PS Orals Excerpt: Highlander legacies

In 1957, Horton and Clark invited Martin Luther King as a keynote speaker for Highlander’s 25th anniversary. Georgia’s segregationist governor Marvin Griffin sent infiltrators to take photos at the event. Soon, posters of King were displayed across the South with Horton and others in an act of “red-baiting”, being reproduced in newspapers with titles like “King at a Communist Training School”. In 1959, Tennessee state authorities raised and padlocked the school. Horton and others shifted the school to Knoxville (and later to New Market), Tennessee, and renamed it as Highlander Research and Education Center. King had become interested in the CEPs on the insistence of Septima Clark that:

"to acknowledge the force of Clark's argument that after demonstrations in community after community, there was no tangible result. No oppressive laws were taken off the books; no power was gained by blacks. Citizenship classes, on the other hand, did lead to voter registration; potentially, they could do so on a large scale”

Today, Highlander is renowned for the legacy of workers’ education and in aiding to produce leaders of the civil rights movements like Rosa Parks. Talking about Parks’ reflections about her time at one of the citizenship education programs, Horton reflects:

“She doesn't say a thing about integration. She says the reason Highlander meant something to her and emboldened her to act as she did was that at Highlander she found respect as a black person and found white people she could trust. So you speak not just by words and discussion but you speak by the way your programs are run. If you believe in something, then you have to practice it. People used to come to Highlander when there were very few places, if any, in the South where social equality was accepted. We shared it by doing it and not by talking about it. We didn't have to make a speech about it. We didn't even have to ask questions about it. We did it”107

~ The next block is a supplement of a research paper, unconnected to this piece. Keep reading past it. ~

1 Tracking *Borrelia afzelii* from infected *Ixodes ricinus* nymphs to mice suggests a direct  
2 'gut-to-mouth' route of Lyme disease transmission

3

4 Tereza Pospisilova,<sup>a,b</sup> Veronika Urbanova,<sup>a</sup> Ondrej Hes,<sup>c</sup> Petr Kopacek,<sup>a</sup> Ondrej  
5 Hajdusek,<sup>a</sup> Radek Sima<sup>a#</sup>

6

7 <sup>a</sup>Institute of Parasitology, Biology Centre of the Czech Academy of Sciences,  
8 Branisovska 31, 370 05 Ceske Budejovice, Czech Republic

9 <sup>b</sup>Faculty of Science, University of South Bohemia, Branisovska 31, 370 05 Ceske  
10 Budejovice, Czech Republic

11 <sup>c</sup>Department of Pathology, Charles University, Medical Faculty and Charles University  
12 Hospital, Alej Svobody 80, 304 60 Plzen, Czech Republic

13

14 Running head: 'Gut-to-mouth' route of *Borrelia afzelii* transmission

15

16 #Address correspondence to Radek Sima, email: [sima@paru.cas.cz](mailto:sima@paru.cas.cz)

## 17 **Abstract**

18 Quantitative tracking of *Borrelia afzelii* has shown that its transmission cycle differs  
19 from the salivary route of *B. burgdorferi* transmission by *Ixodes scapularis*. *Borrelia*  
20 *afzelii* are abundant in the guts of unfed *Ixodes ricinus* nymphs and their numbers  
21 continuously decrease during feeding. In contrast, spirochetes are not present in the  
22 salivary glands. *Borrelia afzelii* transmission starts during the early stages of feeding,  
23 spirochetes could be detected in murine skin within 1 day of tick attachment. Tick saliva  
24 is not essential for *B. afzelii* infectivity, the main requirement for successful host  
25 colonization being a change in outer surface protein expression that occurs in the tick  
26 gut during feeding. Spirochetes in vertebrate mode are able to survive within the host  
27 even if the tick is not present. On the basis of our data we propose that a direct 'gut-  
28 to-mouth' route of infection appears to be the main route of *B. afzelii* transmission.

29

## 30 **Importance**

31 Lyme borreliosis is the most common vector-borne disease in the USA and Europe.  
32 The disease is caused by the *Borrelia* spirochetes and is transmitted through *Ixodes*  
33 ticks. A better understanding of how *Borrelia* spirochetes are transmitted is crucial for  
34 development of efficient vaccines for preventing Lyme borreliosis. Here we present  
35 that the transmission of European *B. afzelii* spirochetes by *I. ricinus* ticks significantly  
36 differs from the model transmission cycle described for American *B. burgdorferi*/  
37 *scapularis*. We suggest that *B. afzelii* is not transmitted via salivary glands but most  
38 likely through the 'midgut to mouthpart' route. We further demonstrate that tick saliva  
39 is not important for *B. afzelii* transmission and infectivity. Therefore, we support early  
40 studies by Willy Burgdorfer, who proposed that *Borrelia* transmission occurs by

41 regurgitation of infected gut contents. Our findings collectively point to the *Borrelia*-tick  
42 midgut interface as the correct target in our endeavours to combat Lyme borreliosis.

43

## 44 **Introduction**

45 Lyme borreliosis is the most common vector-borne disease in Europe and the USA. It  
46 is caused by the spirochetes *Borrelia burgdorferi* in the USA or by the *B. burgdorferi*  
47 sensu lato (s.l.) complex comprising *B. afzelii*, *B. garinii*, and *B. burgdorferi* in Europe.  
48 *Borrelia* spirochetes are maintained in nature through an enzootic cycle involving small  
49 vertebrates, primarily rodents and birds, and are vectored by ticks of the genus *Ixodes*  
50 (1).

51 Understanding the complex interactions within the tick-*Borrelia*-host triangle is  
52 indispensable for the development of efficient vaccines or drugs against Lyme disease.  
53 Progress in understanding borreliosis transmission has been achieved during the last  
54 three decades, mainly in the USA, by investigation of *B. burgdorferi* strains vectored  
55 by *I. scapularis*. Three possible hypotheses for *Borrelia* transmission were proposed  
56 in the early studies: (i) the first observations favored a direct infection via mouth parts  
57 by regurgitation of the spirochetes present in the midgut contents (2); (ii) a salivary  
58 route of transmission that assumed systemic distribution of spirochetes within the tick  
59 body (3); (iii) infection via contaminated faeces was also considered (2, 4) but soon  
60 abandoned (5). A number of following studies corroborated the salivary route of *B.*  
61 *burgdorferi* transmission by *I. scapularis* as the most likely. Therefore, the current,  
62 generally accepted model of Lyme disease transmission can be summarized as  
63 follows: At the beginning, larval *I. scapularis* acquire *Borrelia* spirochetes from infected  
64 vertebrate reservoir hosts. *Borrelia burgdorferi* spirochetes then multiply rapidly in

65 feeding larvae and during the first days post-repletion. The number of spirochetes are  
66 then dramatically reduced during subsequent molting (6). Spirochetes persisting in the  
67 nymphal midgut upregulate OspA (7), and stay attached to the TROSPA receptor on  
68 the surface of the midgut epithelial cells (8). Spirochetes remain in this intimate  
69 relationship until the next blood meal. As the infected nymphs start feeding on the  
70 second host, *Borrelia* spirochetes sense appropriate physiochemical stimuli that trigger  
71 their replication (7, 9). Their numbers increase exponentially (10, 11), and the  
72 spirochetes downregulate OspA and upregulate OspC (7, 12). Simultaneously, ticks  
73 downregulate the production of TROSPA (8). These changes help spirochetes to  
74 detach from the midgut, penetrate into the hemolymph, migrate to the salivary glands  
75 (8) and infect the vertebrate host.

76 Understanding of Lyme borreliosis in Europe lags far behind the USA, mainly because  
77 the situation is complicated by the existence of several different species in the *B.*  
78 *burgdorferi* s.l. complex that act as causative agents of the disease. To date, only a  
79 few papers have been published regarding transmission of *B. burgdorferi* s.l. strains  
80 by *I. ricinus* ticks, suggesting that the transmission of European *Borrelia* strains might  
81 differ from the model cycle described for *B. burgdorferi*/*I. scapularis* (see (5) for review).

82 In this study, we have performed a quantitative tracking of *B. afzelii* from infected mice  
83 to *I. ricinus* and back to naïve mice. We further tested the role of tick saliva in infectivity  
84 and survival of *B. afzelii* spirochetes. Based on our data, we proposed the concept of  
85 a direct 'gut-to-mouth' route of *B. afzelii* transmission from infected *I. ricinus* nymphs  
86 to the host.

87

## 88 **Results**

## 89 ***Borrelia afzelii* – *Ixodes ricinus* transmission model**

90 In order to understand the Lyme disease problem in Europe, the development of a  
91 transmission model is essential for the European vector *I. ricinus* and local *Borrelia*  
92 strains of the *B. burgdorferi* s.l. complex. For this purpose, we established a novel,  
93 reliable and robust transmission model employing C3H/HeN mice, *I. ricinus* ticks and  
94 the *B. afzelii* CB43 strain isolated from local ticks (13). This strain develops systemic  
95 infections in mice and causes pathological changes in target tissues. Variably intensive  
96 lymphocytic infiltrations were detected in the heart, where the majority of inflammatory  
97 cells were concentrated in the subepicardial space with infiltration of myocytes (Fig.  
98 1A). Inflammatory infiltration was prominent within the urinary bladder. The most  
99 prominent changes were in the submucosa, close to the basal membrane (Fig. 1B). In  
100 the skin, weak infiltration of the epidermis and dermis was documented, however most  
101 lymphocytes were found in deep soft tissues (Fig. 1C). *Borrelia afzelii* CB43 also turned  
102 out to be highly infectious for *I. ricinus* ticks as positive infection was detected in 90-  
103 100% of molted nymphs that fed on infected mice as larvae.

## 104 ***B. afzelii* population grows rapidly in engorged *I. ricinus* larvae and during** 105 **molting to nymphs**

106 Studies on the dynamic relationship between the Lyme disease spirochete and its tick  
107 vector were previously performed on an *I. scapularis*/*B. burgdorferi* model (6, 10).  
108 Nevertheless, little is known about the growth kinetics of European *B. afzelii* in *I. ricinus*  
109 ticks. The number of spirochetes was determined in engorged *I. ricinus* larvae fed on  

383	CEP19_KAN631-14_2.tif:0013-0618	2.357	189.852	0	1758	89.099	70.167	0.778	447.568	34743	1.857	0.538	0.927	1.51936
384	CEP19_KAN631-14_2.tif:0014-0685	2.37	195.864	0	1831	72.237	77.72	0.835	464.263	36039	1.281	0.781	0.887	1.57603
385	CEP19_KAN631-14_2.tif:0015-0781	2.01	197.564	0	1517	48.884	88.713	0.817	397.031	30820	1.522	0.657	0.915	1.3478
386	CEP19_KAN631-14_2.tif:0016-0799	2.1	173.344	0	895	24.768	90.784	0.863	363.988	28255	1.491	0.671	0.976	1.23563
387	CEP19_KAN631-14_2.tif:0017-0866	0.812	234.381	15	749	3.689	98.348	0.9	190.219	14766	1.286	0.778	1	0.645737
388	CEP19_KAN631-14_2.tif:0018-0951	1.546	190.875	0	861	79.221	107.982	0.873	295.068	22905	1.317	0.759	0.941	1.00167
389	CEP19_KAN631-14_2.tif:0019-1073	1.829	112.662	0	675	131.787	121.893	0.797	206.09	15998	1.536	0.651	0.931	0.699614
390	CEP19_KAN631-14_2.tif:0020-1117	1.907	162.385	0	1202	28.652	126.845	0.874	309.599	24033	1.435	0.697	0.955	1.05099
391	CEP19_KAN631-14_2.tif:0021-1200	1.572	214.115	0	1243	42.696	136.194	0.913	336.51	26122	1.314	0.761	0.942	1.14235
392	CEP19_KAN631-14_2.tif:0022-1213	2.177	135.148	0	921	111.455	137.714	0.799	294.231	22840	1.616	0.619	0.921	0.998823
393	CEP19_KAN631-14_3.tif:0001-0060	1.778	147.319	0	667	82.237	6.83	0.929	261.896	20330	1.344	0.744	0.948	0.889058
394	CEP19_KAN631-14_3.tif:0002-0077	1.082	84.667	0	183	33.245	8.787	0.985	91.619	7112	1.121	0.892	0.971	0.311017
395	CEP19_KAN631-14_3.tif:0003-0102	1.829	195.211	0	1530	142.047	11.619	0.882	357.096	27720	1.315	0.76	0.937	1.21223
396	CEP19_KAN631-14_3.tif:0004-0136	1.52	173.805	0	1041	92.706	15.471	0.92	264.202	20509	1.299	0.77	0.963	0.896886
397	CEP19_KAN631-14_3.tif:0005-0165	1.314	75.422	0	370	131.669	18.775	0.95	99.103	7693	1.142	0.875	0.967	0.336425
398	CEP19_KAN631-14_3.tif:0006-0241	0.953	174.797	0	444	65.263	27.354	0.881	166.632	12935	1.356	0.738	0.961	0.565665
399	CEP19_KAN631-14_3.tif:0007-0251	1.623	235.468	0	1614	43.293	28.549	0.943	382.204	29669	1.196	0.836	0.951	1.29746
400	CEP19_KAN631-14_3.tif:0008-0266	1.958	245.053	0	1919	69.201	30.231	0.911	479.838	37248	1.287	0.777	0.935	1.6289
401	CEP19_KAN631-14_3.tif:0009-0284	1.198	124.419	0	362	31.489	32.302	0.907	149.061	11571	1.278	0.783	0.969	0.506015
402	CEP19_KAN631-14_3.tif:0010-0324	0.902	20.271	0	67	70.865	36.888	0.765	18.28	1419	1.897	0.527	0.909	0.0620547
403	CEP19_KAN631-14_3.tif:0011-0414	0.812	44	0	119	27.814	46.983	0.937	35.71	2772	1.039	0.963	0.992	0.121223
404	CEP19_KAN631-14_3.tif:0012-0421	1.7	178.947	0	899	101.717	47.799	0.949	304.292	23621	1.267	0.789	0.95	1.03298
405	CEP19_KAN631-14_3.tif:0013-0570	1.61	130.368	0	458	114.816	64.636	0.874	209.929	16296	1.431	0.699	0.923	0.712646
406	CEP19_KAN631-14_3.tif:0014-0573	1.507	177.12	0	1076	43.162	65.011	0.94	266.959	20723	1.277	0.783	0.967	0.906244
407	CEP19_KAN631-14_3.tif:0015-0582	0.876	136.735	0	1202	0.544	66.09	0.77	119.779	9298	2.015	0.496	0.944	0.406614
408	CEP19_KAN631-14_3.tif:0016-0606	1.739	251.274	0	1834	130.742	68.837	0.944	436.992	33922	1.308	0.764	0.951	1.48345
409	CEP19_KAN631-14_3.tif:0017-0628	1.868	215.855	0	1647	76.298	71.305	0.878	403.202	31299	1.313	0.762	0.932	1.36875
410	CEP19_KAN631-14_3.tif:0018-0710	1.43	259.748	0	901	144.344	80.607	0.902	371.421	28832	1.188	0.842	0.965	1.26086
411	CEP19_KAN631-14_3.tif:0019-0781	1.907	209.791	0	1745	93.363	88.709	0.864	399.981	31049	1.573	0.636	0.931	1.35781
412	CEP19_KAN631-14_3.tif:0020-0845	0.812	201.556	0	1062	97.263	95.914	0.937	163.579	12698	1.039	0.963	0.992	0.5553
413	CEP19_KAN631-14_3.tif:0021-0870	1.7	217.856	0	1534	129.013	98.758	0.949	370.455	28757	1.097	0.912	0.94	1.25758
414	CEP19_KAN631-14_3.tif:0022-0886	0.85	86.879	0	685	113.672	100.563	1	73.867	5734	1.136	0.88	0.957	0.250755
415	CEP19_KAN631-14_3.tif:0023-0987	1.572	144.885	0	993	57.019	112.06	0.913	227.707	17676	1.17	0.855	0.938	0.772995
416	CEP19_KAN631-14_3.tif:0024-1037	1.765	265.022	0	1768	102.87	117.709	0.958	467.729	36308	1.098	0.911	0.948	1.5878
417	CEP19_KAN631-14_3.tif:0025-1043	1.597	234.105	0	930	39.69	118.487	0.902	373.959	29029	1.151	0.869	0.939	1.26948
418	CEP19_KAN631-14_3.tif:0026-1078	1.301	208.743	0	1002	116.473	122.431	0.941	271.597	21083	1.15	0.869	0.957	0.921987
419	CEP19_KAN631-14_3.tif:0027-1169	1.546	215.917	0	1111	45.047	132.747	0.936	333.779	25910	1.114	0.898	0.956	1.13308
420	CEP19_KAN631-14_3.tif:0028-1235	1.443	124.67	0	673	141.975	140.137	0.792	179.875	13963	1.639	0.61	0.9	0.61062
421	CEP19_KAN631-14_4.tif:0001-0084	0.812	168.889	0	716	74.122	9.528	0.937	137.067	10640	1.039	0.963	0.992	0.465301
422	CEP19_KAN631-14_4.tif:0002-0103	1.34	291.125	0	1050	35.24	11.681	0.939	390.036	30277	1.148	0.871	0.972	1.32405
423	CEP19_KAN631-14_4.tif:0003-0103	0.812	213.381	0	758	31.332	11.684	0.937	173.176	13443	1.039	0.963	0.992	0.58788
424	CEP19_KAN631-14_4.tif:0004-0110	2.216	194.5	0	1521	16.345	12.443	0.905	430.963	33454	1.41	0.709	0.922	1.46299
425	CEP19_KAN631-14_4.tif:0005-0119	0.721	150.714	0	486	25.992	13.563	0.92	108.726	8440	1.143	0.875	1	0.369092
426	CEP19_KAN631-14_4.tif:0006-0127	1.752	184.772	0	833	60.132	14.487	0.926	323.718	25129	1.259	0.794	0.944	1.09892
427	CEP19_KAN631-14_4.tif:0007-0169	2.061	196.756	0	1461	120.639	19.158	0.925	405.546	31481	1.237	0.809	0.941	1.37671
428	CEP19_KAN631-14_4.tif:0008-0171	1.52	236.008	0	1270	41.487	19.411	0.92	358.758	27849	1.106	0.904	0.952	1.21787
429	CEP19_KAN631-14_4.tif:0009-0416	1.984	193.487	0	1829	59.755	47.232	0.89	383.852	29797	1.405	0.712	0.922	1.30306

“We shared it by doing it and not talking about it” is a defiant assertion made by Horton in 1990, towards the end of his life. By then, much would have changed: “red-baiting” would have eroded decades of progressive institution-building, resurgence of white trust in white supremacist political institutions, and even denial of the actual history of the country and the world. At the same time, those who were radicalized as students in the 1960s and 1970s were becoming older, dying, had been arrested; and in few circumstances, received tenure at the universities that they had protested against in their youth. Horton would have perceived this as concerning–more talk, less action–even though the very reason those people were granted tenure was because of decades of organizing.

At play here is a “structure of feeling”, ideas about how talk and action must go together, or that action takes precedence over mere talk. In this case, the orientation towards “not talking about it” allowed folks at Highlander to do what they did. It also reveals resistance to “talk”, expressed in everyday phrases like “all talk, no action” and “not putting your money where your mouth is”.

Horton, Myles, and Paulo Freire. 1990. 
We Make the Road by Walking: Conversations on Education and Social Change. Temple University Press


Prerna Srigyan


Creative Commons Licence




Group content visibility: 
Use group defaults